People can unexpectedly rise to prominence on the one-minute-video app TikTok for busting out dance moves, pulling pranks on unsuspecting family members, or whipping up humorous skits.
But lobsterman Jacob Knowles has captured the attention of more than a half-million fans across the country for a different reason: He brings viewers directly onto his fishing boat as he traverses the coast of Maine, and teaches them about how one of the summer’s most popular delicacies gets from the high seas to people’s plates.
Knowles, 27, has been fishing and catching lobsters since he was a young kid, a skill that’s been passed down in his family through five generations. But he’s the first to tap into social media to create viral content about the ins and outs of the lobster trade, showing and explaining how the arduous job gets done.
“I think it’s something you don’t really get to see a lot of, and you don’t really know about,” said Knowles, who hauls lobsters off of Winter Harbor, a small fishing town of about 500 residents.
Knowles — whose fishing boat is called “F/V Rest Ash-oar,” a nod to both his wife, Ashley, and boating terminology — previously had an Instagram and YouTube account. But he dipped his toes into using TikTok last September, after one of his crewmen suggested he give it a shot.
At the beginning, he shared short videos of himself flying a Cessna plane; showing off the unusual things — like a wolffish or a blue lobster — that he’d caught; or his crew playing pranks on each other.
But interest in his content started to build after he posted a video in October of a female lobster that was carrying eggs beneath her tail.
In the clip, Knowles explained that the lobster had to be tossed back into the water due to regulations. But before doing so, she needed to have the end of her tail “punched,” or clipped.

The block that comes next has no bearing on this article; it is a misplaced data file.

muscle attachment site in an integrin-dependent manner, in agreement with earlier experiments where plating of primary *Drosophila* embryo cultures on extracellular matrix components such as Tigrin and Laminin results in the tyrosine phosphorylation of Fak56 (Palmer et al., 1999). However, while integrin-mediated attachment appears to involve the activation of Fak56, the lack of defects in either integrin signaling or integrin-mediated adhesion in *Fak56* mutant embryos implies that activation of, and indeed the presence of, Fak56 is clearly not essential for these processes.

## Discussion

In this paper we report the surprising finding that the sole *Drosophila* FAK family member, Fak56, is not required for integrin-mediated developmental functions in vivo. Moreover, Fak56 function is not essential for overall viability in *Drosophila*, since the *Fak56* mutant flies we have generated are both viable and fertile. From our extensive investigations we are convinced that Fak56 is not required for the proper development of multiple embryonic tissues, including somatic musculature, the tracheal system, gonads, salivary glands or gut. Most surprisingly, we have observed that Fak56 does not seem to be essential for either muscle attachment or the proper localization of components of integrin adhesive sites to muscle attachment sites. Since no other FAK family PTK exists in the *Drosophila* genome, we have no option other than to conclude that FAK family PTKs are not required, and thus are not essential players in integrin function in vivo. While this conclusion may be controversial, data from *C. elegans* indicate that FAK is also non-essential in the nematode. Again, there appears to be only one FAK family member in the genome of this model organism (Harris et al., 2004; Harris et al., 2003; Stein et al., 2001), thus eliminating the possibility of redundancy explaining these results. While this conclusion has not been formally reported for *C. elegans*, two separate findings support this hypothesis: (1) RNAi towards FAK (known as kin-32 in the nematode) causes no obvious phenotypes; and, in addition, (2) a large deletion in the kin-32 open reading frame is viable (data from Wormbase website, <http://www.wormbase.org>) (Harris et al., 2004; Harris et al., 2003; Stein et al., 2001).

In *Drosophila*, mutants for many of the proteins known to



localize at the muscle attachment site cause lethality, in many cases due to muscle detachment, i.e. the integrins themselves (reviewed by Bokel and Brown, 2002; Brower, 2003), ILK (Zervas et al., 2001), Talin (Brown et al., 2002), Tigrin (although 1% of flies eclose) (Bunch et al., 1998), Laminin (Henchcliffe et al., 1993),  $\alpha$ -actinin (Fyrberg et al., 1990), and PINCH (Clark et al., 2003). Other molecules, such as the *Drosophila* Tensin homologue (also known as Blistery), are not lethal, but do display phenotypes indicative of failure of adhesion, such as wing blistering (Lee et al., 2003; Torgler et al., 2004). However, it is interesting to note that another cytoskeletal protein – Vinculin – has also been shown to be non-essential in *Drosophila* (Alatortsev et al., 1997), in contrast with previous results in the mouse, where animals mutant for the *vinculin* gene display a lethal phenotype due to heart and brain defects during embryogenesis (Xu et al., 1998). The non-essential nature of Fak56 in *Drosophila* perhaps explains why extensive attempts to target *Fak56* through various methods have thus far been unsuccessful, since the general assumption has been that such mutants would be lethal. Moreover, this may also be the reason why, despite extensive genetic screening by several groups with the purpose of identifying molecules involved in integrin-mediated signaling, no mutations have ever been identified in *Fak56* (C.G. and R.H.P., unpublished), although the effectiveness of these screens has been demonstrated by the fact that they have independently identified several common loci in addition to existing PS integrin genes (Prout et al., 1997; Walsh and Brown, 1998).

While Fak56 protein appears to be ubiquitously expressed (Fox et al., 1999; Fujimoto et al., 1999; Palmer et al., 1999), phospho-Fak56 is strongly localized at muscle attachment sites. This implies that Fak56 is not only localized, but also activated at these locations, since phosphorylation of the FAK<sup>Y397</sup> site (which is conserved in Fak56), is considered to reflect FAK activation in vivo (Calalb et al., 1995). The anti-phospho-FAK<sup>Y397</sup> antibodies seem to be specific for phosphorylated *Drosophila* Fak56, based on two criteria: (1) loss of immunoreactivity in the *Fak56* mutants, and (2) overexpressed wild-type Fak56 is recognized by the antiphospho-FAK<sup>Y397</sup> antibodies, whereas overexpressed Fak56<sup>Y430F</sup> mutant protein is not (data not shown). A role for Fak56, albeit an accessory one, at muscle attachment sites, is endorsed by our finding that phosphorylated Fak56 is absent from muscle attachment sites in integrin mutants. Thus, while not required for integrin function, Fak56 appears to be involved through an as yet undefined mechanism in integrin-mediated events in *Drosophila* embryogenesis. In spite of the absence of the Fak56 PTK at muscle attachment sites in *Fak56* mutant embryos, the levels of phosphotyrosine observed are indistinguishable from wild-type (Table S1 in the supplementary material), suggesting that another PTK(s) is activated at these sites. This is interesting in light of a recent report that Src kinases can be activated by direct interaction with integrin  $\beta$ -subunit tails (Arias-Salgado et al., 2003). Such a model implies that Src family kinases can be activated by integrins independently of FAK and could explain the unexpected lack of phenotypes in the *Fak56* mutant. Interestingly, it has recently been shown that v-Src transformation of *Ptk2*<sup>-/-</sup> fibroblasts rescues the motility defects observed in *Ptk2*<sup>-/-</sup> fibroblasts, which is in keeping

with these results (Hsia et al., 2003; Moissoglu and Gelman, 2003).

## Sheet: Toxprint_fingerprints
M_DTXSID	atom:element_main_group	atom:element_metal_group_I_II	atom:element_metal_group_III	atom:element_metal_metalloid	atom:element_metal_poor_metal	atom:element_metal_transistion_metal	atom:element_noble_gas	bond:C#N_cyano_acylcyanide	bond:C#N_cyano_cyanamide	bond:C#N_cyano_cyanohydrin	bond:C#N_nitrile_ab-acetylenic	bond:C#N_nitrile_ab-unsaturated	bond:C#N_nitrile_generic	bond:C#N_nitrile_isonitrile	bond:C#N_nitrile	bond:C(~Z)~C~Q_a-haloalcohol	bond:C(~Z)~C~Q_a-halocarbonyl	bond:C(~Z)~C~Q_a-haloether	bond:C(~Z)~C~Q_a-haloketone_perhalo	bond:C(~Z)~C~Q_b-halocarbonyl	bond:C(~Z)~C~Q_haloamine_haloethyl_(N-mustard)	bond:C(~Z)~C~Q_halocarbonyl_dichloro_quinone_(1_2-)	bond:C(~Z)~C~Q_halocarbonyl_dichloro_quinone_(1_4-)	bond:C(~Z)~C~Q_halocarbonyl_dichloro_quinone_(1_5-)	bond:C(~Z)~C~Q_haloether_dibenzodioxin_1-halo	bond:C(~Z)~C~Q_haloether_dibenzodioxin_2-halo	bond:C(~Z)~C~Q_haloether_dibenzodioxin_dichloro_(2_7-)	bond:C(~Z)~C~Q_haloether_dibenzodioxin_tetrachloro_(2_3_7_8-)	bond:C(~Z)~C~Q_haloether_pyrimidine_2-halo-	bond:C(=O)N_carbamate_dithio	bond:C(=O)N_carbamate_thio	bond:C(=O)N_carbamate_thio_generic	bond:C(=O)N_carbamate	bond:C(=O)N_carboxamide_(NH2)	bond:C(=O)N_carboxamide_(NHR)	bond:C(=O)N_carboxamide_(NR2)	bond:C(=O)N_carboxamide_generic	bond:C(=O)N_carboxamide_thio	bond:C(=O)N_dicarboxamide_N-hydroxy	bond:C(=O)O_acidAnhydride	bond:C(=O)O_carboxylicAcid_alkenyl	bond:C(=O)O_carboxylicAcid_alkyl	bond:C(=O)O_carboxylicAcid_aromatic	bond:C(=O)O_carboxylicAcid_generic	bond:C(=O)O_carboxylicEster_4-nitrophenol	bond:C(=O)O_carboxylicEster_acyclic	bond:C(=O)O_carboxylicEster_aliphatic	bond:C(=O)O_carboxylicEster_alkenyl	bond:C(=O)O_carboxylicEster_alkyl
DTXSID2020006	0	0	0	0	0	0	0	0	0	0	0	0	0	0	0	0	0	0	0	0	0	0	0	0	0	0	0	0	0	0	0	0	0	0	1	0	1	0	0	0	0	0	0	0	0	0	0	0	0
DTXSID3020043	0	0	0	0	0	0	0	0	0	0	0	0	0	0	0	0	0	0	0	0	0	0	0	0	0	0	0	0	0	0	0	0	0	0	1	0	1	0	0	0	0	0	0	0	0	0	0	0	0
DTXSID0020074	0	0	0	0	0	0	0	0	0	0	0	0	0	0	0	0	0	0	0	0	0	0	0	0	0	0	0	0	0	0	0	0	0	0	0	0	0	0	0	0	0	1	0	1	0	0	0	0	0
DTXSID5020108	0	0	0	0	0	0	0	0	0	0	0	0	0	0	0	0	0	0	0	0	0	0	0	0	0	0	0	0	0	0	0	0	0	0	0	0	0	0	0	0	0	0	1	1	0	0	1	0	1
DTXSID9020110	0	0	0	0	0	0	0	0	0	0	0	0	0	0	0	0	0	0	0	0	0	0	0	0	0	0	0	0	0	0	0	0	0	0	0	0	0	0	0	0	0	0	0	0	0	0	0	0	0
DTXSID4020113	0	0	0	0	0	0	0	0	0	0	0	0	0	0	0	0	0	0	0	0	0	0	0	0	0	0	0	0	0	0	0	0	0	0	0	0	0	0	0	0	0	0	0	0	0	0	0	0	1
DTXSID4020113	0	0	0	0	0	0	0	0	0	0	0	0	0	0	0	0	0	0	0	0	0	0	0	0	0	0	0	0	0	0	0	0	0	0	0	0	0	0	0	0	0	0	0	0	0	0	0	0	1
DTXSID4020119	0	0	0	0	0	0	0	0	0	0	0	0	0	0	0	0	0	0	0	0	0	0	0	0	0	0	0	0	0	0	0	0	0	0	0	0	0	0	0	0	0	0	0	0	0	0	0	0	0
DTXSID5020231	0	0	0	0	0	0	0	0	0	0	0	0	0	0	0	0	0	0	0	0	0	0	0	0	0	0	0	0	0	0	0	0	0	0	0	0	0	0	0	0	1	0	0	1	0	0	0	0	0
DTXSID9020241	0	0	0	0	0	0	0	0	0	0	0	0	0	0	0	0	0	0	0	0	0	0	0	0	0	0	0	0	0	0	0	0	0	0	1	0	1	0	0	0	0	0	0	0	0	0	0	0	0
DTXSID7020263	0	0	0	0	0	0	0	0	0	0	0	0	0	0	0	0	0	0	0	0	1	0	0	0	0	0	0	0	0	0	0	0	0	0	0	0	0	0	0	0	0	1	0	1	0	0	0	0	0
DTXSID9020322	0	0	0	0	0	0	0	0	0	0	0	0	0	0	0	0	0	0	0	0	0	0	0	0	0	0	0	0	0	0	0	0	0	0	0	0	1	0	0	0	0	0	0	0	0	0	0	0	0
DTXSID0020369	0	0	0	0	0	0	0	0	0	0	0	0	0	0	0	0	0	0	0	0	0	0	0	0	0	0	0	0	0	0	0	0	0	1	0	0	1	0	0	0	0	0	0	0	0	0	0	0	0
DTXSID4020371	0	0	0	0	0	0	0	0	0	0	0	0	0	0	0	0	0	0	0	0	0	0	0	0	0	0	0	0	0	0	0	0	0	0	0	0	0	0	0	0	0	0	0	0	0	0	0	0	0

“We’ve got an ‘egger,’ ” Knowles says in the video, which has been viewed more than 6.5 million times. “We punch their tails to mark them all, so that no fishermen can keep them. This is a breeder. Like on a farm, you wouldn’t want to kill your breeders.”
He then made a small notch in the second flipper, and threw the lobster back into the sea.
The educational aspect of the video seemed to intrigue people — and that set off an idea in Knowles’s head: Maybe he could use the platform to teach viewers about ocean sustainability, while also answering little-known questions about the industry.
“Things started picking up and followers started rolling in,” he said. “I couldn’t believe when I hit 10,000 ...then probably five days after that I was at 50,000. I thought, ‘I’d like to just keep pushing the educational stuff.’ ”
The videos that have followed include Knowles explaining the differences between male and female lobsters, how fishermen work to protect the lobster population, the ways in which the crustaceans use their claws, and how to measure and band them properly.
(He also tosses in videos of the ships and whales they’ve spotted during excursions, and once posted a viral video about rescuing a wayward bird last November that attracted significant media attention.)
These days, Knowles has more than 550,000 people following his account, checking in with him as he gets ready for what will become the busiest part of his year.
“We’re getting stuff ready now and will start fishing again seriously around May,” he said. “The fishing continues through Christmas. January to April is our off-season, and in April we start getting stuff ready again and get everything situated.”
All the lobsters that Knowles catches are sold wholesale, he said, which is the bulk of his operation and how he makes a living. But recently he’s been catching lobsters and selling them online directly to customers who may have learned about him through TikTok.
“That’s a pretty new thing,” he said.
A TikTok user named Angelina recently commented to Knowles on the app that she bought lobsters through his website, to be shipped halfway across the country.
To show just how fresh her meal would be, Knowles filmed himself catching and marking one of the lobsters that he planned to send to her, and uploaded it to his account.
“I figured you might like seeing them being caught,” Knowles said in the video, which has been viewed more than 1.6 million times.
He then pulled up a lobster trap, sifted through his catch, and marked the customer’s order with his initials.
Angelina later posted a video to her own TikTok account. In it, she opens a cardboard box filled with five lobsters from Maine, alive and kicking.
As her camera zoomed in, there, on one of the lobsters’ claws, a small mark could be seen. It read, “JK.”